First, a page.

Spend cash reserves to boost capacity: PRB

Europe’s air navigation service providers must dip into their cash reserves and invest more in vital ATM infrastructure if the capacity crunch is to be resolved, according to the group of high-level aviation specialists advising the EU Commission on the performance of the Single European Sky

The group known as the Performance Review Body (PRB) has now published its recommendation for Union-wide performance targets in air navigation services for 2020-2024 which aim to increase flight punctuality and efficiency to reduce environmental impact while reducing costs and ensuring high safety standards.

The PRB said it faced the difficult question whether the target setting for the coming years should be adjusted to the insufficient performance of a few key member states such as France and Germany or whether a few underperformers ‘must live up to the standards others are able to provide’.

“Underperformers must take necessary measures to perform at acceptable levels. These measures are available and will cost money, but there are sufficient means in the system to finance them,” it said.

Air traffic is forecast to increase at an average 2.3 per cent per year for the next seven years resulting in a traffic demand up by 25 per cent in 8-10 years’ time. Already today, around 50,000 passengers face delays every day of up to two hours in airports across Europe, leading to missed connections and unforeseen costs.

The Performance Review Body consists of nine high-level aviation specialists from European states. Chaired by Regula Dettling-Ott, the PRB assists the Commission in the performance and economic regulation of monopoly air navigation service providers in the European Union and Switzerland by providing independent advice and expertise to improve the performance of air navigation in Europe in the key areas of safety, capacity, environment and cost-efficiency.
The performance and charging schemes of the Single European Sky are the regulatory instruments through which the Commission drives performance of air navigation services in cooperation with member states, national supervisory authorities and operational stakeholders.

The current European air traffic system needs to adapt – a challenge EU Transport Commissioner Violeta Bulc has recently also addressed in a joint statement with the European Parliament.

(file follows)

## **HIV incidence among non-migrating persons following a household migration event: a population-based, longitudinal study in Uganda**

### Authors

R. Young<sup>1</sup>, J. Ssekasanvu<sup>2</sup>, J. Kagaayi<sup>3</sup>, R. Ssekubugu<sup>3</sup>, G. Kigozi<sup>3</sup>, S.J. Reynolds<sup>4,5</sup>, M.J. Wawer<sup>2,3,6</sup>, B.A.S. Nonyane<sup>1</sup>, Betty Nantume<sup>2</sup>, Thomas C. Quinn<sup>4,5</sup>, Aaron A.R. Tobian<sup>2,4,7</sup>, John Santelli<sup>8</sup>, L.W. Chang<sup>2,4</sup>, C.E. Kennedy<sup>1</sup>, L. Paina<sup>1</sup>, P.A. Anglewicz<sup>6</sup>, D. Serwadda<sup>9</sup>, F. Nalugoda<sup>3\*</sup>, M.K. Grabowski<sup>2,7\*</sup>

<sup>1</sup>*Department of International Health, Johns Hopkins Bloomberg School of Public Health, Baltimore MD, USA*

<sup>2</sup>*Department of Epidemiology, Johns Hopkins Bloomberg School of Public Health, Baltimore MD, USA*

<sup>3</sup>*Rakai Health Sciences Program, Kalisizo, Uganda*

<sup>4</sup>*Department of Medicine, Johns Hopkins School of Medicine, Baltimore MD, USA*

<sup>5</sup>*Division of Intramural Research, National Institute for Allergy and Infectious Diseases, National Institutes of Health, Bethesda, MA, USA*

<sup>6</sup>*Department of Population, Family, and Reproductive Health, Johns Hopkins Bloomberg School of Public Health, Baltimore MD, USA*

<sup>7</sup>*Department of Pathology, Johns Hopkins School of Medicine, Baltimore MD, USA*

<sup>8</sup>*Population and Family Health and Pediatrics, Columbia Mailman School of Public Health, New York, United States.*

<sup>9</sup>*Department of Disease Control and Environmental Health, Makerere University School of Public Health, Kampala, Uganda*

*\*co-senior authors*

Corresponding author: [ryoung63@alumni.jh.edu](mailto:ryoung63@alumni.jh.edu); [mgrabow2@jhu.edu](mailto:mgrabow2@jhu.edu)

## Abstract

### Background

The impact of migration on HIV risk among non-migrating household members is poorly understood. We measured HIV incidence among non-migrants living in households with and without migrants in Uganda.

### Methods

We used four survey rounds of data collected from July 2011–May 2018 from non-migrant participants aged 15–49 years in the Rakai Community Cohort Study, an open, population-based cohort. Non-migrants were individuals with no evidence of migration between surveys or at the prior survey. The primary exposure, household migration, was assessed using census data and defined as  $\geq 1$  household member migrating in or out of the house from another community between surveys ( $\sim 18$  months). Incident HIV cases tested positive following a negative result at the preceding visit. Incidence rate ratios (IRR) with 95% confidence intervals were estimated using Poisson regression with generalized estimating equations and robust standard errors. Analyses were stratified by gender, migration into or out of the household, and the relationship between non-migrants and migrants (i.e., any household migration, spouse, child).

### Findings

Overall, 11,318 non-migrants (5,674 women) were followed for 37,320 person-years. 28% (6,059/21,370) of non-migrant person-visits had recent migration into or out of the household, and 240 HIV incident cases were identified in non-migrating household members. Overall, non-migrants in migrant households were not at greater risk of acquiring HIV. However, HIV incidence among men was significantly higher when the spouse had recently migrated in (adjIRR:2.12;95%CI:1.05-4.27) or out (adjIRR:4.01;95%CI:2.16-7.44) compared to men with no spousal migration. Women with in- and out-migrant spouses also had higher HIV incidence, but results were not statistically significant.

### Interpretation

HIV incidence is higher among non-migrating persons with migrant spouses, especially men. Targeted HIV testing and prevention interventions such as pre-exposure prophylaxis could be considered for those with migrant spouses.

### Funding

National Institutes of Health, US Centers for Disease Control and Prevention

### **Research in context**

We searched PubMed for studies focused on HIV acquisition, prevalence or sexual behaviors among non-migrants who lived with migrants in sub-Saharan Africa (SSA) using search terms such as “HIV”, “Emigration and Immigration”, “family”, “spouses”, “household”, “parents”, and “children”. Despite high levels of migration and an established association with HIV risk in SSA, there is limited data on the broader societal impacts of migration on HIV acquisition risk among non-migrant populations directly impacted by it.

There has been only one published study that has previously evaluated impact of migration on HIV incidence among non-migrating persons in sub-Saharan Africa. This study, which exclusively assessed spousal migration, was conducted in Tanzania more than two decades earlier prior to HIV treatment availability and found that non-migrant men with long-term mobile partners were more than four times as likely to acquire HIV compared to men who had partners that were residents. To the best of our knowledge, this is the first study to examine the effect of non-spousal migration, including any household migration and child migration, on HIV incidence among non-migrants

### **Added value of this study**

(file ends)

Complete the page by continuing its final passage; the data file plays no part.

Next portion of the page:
In 2018, delays attributable to air navigation services dramatically increased: the overall Union-level delay more than doubled compared to the same period in 2017. In some member states in the core European area, the delay is currently six times higher than the binding target.

The PRB calls on member states and air navigation service providers to implement the necessary measures to address the issue now, noting that air navigation service providers are generating sufficient financial surplus to cover necessary investments. The PRB said it had considered these aspects in its recommendations, expecting that air navigation service providers can reduce delays by providing more capacity where needed and increase efficiency in the coming years .

The PRB recommends the following targets:

  • Safety: Air traffic management in Europe is very safe. The PRB recommends small additional improvements in the safety culture and risk management.
  • Environment: Environmental performance can be improved. The actual distance flown by aircraft should be shortened by an additional 0.2% as compared to the target for 2019. This would improve flight efficiency and reduce fuel burn. It is expected that by achieving those targets, up to 200,000 tons of CO2emissions per year could be saved.
  • Capacity: Despite the current problems with delay, the targets for capacity must remain ambitious. In 2017, the average delay per flight was 0.94 minutes. The target is to move towards 0.8 minutes in the next years and as of 2023 the average Air Traffic Flow Management delay per flight shall not exceed 0.5 minute. Reaching the recommended target range would reduce delays for passengers and support the increasing demand for traffic. A total of €2.5bn over 2020-2024 of costs due to delays could be saved.
  • Cost-efficiency: By the end of 2024 the average determined unit cost for air navigation services should be substantially lower than today. The PRB recommends a reduction of 23% as compared to the Union-wide target for 2019. Further efficiency gains are possible due to new technologies and procedures and due to the fact that air navigation service providers will have an increased income due to higher traffic. This would reduce the cost to airspace users, enabling airlines to offer lower fares to passengers.